A growth model with multiple industries is developed to study how industries evolve as capital accumulates endogenously when each industry exhibits Marshallian externality (increasing returns to scale) and to explain why industrial policies sometimes succeed but sometimes fail. The authors show that, in the long run, the laissez-faire market equilibrium is Pareto optimal when the time discount rate is sufficiently small or sufficiently large. When the time discount rate is moderate, there exist multiple dynamic market equilibria with diverse patterns of industrial development. To achieve Pareto efficiency, it would require the government to identify the industry target consistent with the comparative advantage and to coordinate in a timely manner, possibly for multiple times. However, industrial policies may make people worse off than in the market equilibrium if the government picks an industry that deviates from the comparative advantage of the economy.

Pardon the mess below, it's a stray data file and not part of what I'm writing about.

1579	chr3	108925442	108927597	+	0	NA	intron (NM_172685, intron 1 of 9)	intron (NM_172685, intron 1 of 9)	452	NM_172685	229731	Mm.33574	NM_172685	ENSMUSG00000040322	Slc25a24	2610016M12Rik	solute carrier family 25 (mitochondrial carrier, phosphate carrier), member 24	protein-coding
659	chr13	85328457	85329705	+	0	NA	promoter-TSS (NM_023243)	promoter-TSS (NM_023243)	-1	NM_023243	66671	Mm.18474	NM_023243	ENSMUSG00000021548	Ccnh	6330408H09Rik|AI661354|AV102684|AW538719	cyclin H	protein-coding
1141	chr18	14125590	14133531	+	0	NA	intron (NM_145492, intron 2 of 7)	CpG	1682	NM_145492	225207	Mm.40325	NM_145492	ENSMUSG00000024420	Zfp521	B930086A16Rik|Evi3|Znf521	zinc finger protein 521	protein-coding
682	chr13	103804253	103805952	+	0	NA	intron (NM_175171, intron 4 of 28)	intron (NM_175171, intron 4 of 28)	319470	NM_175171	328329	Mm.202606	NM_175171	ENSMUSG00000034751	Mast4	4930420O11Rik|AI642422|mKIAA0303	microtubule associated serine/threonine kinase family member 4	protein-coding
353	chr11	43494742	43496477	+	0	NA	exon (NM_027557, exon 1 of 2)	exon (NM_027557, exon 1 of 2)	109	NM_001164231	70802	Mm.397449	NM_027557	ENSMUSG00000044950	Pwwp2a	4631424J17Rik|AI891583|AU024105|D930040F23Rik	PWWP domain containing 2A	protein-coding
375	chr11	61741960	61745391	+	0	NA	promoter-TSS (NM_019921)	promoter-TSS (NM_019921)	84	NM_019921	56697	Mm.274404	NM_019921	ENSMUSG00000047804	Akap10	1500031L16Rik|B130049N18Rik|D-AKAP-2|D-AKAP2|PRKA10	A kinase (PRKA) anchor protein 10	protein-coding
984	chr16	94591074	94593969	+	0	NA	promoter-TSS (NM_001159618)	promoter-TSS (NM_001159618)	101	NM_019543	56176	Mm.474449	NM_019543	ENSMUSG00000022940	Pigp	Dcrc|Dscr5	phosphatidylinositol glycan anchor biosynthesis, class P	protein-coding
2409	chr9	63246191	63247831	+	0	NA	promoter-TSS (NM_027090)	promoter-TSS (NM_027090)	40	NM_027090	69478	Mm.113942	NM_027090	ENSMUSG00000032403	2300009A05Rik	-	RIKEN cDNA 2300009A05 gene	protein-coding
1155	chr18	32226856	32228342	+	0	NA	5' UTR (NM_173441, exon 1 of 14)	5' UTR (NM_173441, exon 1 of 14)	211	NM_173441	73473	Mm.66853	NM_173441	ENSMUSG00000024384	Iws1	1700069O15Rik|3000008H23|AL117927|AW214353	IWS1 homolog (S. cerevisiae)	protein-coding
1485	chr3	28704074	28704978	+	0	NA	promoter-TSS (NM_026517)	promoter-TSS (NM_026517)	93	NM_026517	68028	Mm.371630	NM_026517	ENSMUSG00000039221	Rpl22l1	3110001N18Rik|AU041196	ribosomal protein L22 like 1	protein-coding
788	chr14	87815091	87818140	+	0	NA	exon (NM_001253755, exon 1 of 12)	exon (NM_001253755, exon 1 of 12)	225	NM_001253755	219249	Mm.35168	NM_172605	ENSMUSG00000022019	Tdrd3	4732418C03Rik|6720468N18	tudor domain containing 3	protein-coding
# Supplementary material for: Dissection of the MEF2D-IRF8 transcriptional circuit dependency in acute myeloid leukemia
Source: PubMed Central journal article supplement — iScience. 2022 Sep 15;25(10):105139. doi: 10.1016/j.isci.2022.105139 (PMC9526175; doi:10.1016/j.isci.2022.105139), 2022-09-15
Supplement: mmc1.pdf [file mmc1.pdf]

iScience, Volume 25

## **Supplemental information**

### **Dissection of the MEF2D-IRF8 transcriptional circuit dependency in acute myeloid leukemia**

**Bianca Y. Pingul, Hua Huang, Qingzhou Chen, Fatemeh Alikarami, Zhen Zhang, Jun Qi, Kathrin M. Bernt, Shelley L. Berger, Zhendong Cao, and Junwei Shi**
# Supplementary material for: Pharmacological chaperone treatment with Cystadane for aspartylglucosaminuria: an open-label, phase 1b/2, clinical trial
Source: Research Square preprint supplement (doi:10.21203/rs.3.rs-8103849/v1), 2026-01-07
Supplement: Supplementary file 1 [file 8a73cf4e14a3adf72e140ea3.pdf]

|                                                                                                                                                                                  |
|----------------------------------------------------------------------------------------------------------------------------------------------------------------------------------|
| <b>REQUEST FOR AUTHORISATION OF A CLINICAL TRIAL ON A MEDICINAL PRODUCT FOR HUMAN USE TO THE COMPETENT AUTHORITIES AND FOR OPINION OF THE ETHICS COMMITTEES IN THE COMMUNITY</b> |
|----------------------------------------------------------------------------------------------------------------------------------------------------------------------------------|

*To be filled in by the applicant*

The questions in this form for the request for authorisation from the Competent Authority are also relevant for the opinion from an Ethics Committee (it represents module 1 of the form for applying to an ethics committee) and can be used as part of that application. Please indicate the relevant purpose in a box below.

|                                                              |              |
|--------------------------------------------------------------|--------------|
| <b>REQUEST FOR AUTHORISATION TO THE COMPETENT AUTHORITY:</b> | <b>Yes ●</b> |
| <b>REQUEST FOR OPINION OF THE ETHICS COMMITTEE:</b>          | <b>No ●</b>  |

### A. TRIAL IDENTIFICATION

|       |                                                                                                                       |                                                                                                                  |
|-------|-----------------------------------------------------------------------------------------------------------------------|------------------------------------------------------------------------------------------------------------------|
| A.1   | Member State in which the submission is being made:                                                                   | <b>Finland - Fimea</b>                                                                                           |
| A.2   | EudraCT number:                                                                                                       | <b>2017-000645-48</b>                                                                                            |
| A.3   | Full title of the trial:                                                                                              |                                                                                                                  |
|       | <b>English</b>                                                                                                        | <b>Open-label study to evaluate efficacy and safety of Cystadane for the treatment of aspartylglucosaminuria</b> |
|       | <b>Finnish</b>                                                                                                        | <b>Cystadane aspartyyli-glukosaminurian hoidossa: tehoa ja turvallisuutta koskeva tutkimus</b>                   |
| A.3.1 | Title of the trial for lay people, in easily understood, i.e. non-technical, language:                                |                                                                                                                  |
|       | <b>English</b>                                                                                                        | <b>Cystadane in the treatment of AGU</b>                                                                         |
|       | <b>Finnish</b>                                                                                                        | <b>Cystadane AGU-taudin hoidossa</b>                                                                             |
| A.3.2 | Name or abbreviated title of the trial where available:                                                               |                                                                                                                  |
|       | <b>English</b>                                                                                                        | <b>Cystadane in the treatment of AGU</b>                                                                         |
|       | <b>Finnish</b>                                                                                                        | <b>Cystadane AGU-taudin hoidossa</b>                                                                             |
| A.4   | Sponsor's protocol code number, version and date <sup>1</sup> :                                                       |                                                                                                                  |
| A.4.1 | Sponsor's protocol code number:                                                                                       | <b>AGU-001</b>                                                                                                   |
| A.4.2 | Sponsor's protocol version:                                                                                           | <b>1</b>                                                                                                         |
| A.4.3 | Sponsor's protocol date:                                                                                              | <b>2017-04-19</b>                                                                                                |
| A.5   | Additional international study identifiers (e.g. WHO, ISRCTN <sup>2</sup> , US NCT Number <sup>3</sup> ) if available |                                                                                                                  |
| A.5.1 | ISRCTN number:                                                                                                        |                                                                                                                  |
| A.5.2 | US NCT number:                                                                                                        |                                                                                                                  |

Ju Jiandong; Yifu Lin, J.; Wang Yong. Marshallian Externality, Industrial Upgrading and Industrial Policies. The World Bank, Washington DC, USA (2011) ii + 36 pp.